N. Korea fires suspected ICBM, Seoul responds
In response to North Korea's earlier-in-the-day ballistic missile test, South Korea and the US launched missiles on Wednesday.
North Korea has launched three missiles, one of which is believed to have long-range capabilities, into the sea off its east coast, according to the South Korean military, just hours after Joe Biden concluded his first trip to Asia as US president.
South Korea's Joint Chiefs of Staff said in a statement that the missiles were launched from the capital's Sunan area and flew toward waters off the North's eastern coast between 6h am and 7h am on Wednesday. They claimed that one, thought to be an intercontinental ballistic missile, flew 360 kilometers at a maximum altitude of 540 kilometers.
Officials in Japan said the missiles appeared to have landed outside the country's exclusive economic zone, but there had been no reports of damage to ships or aircraft so far.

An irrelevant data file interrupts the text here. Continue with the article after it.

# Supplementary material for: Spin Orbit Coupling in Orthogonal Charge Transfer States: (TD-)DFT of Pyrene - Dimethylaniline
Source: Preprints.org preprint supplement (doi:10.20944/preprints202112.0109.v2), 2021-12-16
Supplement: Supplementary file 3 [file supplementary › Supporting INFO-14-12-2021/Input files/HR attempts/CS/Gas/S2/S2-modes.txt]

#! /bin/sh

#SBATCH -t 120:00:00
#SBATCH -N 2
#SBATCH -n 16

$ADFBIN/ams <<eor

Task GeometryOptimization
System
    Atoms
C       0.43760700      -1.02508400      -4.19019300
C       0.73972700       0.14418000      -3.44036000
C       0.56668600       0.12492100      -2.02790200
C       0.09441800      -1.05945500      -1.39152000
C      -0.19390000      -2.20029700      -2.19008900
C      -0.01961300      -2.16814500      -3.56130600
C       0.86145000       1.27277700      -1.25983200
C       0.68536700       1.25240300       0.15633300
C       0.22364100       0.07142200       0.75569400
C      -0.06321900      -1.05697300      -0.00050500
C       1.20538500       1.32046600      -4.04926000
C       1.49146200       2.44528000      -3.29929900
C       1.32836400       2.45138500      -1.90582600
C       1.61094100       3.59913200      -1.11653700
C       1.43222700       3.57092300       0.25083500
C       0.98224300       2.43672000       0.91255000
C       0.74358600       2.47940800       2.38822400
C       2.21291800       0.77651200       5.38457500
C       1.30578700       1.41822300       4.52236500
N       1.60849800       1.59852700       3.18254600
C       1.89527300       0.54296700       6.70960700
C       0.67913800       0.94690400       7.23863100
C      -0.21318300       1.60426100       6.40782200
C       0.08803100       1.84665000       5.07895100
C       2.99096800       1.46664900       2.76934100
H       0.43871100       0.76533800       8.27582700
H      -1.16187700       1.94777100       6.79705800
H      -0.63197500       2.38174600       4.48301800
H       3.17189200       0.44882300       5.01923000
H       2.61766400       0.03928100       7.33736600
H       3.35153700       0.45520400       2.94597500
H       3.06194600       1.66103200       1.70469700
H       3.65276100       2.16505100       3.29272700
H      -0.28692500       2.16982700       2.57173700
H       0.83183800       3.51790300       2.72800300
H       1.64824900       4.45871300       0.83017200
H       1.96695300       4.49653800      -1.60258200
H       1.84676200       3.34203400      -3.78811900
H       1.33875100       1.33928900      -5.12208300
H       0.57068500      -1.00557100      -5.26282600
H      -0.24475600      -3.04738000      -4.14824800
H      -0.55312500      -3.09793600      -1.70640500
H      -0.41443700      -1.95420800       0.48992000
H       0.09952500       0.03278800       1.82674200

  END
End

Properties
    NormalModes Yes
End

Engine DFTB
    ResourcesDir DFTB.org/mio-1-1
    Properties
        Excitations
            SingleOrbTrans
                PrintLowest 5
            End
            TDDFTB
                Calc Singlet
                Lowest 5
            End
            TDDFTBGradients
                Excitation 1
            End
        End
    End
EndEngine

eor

In response to the launches, South Korea and the United States launched missiles on Wednesday in response to North Korea's earlier-in-the-day ballistic missile test, according to the Yonhap news agency, citing South Korea's Joint Chiefs of Staff. The South Korean military has also dispatched around 30 F-15K fighter planes.
South Korean Foreign Minister Park Jin and US Secretary of State Antony Blinken agreed to collaborate on a new UN sanctions resolution in response to the launches, according to media reports.
North Korea has conducted 17 missile launches this year, including the first full-range test of intercontinental ballistic missiles since 2017.
The latest test comes just days after Biden visited South Korea and just hours after he returned to Washington from his trip to Japan.